others. That often forms a large portion of our sufferings here. But in the heavenly world there is no misery to call forth painful sympathy, and so wide is the gulf fixed between them and the world of misery—that the misery of its self-ruined inhabitants can no more interrupt their happiness than it can the happiness of that God to whom, in happiness as well as in holiness, they are as perfectly conformed as their natures and capacities admit. Who,' to borrow the words of another, can conceive the calm of those heavenly regions, where no tempest blows, and the voice of lamentation is never heard,—where no qualms of conscience are ever felt, and not a transient thought disturbs the serenity of the soul, where every reflection is delightful, and all without and all within is happiness?'
"The celestial state shall not only be free from all the imperfections of the present embodied state, but also from all those of the disembodied state. In that state, as we have seen, there is no positive evil-nothing of the nature of suffering; but there is imperfection-there is something wanting, though there is nothing wrong. There is the want of all the advantages which such a spiritual substance as the human soul, originally formed for union with matter, is fitted to derive from a suitable material vehicle. The soul that was unwilling to be unclothed, will be well pleased to be re-clothed, especially knowing as it does that its new garments shall be suitable to its new dignity, as a priest unto God, like-but oh how superior to!-those of Aaronfor glory and for beauty. In a sense in which they could not before, they will be able to contemplate the the human face divine' of Him who loved them, and listen to his voice, into whose lips grace has been poured.' And will there not be, think you, additional enjoyment here? That voice is sweet-that countenance is lovely."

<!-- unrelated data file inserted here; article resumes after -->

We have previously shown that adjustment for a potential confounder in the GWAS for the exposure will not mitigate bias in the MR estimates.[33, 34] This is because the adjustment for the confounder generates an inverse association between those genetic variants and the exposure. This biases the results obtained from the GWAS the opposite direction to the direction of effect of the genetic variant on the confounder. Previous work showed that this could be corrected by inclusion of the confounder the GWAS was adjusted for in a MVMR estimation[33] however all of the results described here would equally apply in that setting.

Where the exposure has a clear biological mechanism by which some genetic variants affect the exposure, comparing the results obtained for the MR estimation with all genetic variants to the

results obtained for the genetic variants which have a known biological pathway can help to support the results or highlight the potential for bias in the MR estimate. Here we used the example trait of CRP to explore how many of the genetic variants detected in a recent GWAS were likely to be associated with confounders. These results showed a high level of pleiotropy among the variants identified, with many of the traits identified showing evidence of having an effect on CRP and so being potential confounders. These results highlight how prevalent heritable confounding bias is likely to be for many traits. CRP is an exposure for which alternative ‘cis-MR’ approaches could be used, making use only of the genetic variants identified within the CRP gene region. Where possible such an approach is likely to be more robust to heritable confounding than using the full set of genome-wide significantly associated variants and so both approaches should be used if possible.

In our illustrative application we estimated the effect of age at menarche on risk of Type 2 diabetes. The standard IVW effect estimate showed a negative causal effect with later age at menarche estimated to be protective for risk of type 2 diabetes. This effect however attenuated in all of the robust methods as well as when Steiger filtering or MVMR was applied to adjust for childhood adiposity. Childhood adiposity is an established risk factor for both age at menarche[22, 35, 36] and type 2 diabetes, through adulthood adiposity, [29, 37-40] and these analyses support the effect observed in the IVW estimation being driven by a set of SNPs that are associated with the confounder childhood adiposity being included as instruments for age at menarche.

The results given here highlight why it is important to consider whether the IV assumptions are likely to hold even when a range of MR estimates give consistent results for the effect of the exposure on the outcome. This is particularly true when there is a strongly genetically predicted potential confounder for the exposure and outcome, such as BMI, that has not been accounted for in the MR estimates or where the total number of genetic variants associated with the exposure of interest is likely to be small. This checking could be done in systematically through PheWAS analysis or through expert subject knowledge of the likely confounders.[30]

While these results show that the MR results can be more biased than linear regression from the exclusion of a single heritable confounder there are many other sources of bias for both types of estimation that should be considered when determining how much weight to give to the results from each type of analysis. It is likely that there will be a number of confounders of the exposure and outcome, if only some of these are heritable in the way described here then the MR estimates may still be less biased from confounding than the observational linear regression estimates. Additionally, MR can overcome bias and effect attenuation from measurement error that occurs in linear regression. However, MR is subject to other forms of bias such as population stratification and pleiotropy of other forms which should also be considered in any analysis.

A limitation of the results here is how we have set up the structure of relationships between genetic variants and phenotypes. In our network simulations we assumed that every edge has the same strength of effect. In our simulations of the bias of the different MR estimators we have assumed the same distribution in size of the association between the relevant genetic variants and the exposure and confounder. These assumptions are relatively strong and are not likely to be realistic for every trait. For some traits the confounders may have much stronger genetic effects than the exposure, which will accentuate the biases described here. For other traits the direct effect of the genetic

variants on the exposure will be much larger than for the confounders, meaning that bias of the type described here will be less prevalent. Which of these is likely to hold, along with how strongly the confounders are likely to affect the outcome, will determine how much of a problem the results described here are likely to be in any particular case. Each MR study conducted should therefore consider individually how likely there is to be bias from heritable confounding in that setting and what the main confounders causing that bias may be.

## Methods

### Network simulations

Uncle Tom" in the Free Church; or, an Appeal against the Usurpation of Patronage by the Clergy. By a Free Churchman. Edinburgh: Forbes & Wilson.
We fully expect to hear many things called by the name which has lately been familiar to many thousands of readers, through the medium of Mrs. Stowe's romance. The book-market has some weeks since been deluged with the same; and we expect to see ticketed in the windows of the silkmercers, "Uncle Tom ties," and in those of the bakers, genuine Aunt Phillis cakes." But "Uncle Tom in the Free Church,"-the title struck us as novel. Is there a prototype of "Legree" among her "pastors and masters?" or did "Tom" or "Eliza" give in their testimony in favour of the "movement," the "declaration of independence," or the expediency of saving dollars for the sustentation fund? The secret is, that a wrathful probationer of the Free Church lifts up his indignant voice as to the manner in which he and his brethren have been used, their claims to a division of the central fund conveniently ignored, and themselves left to struggle as best they may. Our author is not satisfied with the "happy family," the "disinterested and noble men" who have done so much,-the great lights who shine in superior purity, the Tanfield "salt,"-beside whom every other body should feel singularly small. Her preachers are not paid for occasional services,-there's the rub; they are not allocated over the country fairly, so under the covering of "Uncle Tom," our author would squeeze a
tear from the eye, or excite emotions of wrath in the mind of a "generous public." The writer seems to have felt this somewhat deeply; hence a home-thrust or two, and a not unamusing glimpse at a few of the arcana of the Free Church.